August 10, 2007

Plans are rarely plans

I have been ruminating a bit on the credit crisis engulfing the markets. I have been reading books and academic papers of late concerning valuation of collateralized debt obligations and mortgage backed securities for a couple of months now. I have been discussing the problems faced by traders and investors in marking portfolios to market and marking portfolios to model and what happens when there is a real contradiction between the model and the market. I have been doing this because I am a geek and I find the structured finance side of the market, and the implications on leverage and the implications leverage has on liquidity, to be utterly fascinating. You should, too, by the way.

One of the issues I think is most interesting is that the models created by hedge funds or by structured financial products traders rarely actually accurately models a total melt down. The models, take Bear Stearns recent debacle, probably did include the possibility that the exotic securities they were trading could go totally south, but the humans doing the trades and making the investments in the funds would have discounted that possibility down to very little if not nothing.

That's what we humans do. We make plans but we cannot honestly confront a worst case scenario. That's why we call it a worst case. We give it that name and that assume that the probability of it taking place is not worth discussing. I think it is human nature. We don't actually assign a real probability factor to the problem posed by the worst case. I think that the only place humans do this is with regard to estate planning. We know we're going to die so we make plans for that worst case scenario. But not everyone does this, you know, and not everyone who does do it can successfully contemplate the worst case scenario posed by their own certain mortality and do it efficiently and correctly.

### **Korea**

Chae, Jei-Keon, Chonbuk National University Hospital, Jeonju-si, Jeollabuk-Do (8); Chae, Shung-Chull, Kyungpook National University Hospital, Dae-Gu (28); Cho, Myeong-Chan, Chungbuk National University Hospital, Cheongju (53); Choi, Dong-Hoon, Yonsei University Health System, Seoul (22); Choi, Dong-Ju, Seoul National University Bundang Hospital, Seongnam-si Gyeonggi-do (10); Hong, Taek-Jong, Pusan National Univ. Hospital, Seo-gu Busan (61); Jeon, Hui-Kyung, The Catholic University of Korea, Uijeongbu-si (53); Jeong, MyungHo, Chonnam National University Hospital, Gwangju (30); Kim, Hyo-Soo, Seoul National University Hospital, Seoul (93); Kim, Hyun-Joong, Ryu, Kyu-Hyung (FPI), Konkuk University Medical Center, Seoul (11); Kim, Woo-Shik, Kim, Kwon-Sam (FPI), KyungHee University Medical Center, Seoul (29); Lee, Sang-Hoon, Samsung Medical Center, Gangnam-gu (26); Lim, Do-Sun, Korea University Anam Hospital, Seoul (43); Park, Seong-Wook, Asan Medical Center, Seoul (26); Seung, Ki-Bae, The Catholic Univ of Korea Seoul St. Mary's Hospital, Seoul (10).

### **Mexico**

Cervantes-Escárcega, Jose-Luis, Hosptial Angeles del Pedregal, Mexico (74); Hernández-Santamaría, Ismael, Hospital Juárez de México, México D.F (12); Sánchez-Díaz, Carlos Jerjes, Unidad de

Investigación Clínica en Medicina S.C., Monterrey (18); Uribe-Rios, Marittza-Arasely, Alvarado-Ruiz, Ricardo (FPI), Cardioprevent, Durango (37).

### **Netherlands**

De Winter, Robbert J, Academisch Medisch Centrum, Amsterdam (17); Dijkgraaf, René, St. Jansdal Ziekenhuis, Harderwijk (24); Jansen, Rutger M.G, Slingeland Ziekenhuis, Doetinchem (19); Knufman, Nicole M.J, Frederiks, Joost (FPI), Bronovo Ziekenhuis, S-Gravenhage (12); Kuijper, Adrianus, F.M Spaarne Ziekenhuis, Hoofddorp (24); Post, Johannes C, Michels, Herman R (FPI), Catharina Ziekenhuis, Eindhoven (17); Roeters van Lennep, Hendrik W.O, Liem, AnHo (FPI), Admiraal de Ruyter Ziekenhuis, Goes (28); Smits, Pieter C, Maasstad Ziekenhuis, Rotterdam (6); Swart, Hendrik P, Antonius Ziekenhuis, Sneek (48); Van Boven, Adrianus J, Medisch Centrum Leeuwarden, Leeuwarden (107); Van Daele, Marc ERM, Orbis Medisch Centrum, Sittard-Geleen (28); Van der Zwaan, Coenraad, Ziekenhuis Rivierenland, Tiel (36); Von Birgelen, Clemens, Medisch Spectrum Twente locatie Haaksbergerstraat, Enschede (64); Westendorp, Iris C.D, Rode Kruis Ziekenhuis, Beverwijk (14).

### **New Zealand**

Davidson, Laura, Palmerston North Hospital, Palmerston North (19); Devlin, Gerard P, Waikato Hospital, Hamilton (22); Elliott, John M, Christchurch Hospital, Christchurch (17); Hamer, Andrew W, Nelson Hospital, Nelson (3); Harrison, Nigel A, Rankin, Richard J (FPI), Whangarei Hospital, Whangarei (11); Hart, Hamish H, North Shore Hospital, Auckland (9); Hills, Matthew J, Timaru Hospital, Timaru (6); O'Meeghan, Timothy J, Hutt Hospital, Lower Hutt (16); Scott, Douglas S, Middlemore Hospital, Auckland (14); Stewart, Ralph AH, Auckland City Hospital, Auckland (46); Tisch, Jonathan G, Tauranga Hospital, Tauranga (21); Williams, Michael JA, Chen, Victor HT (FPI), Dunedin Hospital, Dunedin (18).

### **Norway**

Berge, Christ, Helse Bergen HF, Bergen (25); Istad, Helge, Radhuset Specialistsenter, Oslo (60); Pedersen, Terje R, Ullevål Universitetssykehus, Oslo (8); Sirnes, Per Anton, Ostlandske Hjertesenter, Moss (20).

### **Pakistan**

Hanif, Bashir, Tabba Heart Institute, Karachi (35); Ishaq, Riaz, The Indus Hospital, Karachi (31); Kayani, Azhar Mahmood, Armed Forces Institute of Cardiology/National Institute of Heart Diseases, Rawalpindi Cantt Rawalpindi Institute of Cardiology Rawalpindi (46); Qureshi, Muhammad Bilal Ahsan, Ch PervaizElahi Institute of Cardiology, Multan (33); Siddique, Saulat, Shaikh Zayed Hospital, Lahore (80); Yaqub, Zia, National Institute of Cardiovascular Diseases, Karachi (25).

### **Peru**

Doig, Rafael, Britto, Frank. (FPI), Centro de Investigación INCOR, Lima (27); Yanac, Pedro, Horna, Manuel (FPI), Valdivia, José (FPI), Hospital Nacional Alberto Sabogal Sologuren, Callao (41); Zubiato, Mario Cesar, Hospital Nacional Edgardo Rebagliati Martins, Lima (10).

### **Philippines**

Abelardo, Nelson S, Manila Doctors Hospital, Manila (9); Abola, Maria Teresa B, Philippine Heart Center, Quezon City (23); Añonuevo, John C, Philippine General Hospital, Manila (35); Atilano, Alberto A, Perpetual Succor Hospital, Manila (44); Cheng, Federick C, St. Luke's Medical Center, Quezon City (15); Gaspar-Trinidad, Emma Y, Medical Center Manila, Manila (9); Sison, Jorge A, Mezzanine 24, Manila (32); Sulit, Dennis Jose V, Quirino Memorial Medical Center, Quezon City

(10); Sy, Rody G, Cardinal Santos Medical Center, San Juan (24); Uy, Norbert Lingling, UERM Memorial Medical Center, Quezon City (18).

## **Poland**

We don't like to think about bad endings. Or monsters, come to think of it. But I think that they both exist.

No, human beings plan for the middle and include slight deviations from the middle. Some really smart humans can plan for volatility but even that will remain within artificially set expectation bounds so that when the volatility surpasses those bounds, trouble can result.

Where am I going with this?

I'm not 100% sure. Maybe I am just going with the thought that I have to be a better planner. I have to take disaster planning more seriously, for instance. I, and many others, will discount the possibility of a catastrophic disaster down to zero and stop thinking about it even though we know that power failures, for instance, can last days.

We plan not with our intellects but with our emotions.

I think it is time to take the emotional out of the planning stage.

It is time to contemplate both the worst case downside scenario and the best case upside scenario for this family corporation I am an officer of and start to plan accordingly even if the business and financing climate has changed. This is different from lawyer think and legal analysis. It is going to be an interesting exercise.

Oh, and I really have to finalize our wills.

You should, too.

Posted by Random Penseur at August 10, 2007 11:41 AM | TrackBack

Sage advice, as usual.

Posted by: Wicked H at August 10, 2007 02:44 PM

Sounds complicated ;)

Should I even be thinking about a will at the tender age of almost 23?

Posted by: Hannah at August 10, 2007 03:09 PM

Great advice rp.

If nothing else you should have a living will that explains your views on life support, heroic measures, etc... This way people aren't left having to make a decision they "think" you would want.

Main reason I have one is I don't want my family to have to decide whether or not to pull the plug.

Kind of morbid thoughts at 23, but things happen.

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